May 27, 2013

You can get here from there but it might cost you

The Associated Press

(Continued from page 1)

The quick response from northern states lawmakers bolsters the thought that the study won't happen this fiscal year, said Ken Oplinger, president of the Bellingham/Whatcom County Chamber of Commerce in Washington state.

But he thinks that due to the expensive border security measures that have been implemented since Sept. 11, the idea could make a comeback in the future unless other sources of funding not reliant on a border fee appear.

One of busiest northern border crossings — the Peace Arch — is located in Whatcom County. It connects Washington state with British Columbia. In places, the border is just farmland, with no wall or fence and grazing cows. About 12,000 people cross the border there every day, according to CBP figures.

Oplinger has two main concerns. The lesser is people who will refuse to pay the toll and thus stop visiting Whatcom County all together. His greater worry, however, would be any increase to the wait time at the border. He said border traffic has just fully rebounded to pre-Sept. 11 volumes, adding that on summer weekends the wait to enter the U.S. can be as high as two hours. He fears that adding some sort of mechanism to collect the toll would mean more waiting time.

Border fees, albeit local ones, already exist on the southern border. In Texas, local municipalities charge fees to use bridges that connect Mexico and the U.S.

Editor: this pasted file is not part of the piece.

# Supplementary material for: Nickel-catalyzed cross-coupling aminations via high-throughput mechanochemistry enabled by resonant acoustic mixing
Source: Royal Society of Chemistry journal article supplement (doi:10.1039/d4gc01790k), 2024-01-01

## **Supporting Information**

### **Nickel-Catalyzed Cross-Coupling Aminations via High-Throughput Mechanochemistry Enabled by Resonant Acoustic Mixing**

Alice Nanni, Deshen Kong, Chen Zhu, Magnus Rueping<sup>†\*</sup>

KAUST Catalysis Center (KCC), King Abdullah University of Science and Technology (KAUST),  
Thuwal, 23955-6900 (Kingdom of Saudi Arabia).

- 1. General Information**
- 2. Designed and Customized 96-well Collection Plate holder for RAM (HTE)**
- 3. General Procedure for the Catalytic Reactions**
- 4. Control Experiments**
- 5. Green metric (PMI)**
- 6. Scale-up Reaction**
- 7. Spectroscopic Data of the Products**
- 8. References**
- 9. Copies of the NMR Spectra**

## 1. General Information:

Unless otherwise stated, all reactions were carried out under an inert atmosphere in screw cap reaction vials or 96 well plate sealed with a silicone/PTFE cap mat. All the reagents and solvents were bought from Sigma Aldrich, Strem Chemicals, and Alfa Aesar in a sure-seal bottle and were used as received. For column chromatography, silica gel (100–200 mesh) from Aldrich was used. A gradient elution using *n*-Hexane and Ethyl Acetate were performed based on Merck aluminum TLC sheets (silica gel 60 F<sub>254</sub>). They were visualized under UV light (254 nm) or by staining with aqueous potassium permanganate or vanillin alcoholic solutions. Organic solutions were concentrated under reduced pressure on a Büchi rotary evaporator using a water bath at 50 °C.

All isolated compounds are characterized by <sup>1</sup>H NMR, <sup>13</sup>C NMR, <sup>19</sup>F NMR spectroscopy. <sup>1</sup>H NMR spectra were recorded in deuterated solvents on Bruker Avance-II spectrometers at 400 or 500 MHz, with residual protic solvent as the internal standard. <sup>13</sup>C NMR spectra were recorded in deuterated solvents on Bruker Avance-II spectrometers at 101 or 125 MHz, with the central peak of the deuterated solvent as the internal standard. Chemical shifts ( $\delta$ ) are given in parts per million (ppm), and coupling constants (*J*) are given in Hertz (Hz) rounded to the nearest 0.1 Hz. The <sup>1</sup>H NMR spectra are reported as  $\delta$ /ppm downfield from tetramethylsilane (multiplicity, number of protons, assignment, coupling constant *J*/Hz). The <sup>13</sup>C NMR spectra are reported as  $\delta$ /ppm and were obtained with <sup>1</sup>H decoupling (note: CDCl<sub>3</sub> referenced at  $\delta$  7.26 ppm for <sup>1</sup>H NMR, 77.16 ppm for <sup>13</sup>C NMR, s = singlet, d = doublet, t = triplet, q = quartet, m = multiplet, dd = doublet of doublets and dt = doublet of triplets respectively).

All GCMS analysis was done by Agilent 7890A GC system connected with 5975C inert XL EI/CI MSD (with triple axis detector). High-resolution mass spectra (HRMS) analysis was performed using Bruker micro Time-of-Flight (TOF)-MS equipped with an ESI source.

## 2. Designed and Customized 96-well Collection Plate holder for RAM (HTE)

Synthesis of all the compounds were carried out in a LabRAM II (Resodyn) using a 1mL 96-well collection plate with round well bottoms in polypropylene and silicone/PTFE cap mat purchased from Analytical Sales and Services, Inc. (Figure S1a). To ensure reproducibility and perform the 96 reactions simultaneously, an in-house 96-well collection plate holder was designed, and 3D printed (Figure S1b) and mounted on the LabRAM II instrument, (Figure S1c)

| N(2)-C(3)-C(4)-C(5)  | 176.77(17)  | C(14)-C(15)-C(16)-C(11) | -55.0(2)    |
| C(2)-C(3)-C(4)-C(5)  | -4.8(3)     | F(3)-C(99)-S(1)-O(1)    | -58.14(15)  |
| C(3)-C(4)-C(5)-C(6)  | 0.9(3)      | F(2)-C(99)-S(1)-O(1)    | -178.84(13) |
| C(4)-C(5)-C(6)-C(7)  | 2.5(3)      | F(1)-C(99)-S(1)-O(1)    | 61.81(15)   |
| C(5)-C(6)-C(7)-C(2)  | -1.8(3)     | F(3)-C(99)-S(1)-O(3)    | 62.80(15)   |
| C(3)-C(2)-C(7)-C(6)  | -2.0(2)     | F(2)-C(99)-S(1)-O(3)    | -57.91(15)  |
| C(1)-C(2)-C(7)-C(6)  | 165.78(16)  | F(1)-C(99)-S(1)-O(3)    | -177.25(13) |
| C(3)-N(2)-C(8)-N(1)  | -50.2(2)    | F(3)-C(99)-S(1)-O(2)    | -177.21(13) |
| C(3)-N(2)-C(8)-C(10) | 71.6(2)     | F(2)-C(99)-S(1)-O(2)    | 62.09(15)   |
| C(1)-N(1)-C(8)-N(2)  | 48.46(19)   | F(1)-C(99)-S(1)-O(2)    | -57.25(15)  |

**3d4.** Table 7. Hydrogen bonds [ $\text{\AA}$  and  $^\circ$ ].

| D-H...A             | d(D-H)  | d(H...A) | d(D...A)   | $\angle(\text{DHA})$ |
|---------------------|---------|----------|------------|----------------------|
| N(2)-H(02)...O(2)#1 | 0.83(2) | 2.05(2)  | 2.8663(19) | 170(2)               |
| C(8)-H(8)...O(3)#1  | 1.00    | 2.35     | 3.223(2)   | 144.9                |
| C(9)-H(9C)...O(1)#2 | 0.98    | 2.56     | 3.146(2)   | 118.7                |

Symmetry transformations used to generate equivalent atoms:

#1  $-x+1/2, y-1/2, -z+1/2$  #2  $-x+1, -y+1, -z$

For Kenn Morris, president of marketing research firm Crossborder Group Inc. in San Diego, the future of the border is in public-private partnerships, unless the government acts to improve ports of entry. For example, a private company operates and builds a port of entry, booths and roads, and charges a fee to recoup investments.

"I think that it's inevitable that more border regions use those tools and those who don't want to use it that's they're choice, but they shouldn't take the ability for other regions to at least look at that option," he said. "For those regions that want the ability to charge a fee, we need good analyses to create good policy."

Citing a 2009 University of Texas study, Morris said tolls at the border don't affect traffic flow negatively, but provide a source of revenue to build more border infrastructure.

At the nation's busiest border entry at San Ysidro in California, 50,000 vehicles and 25,000 pedestrians go north from Mexico every day. For the past few years, Congress has sent chunks of money to improve the infrastructure. In his last budget, President Barack Obama asked for $226 million to continue the improvements.

In the meantime, people face hours of waiting every day.

"People are tired of waiting," Morris said.

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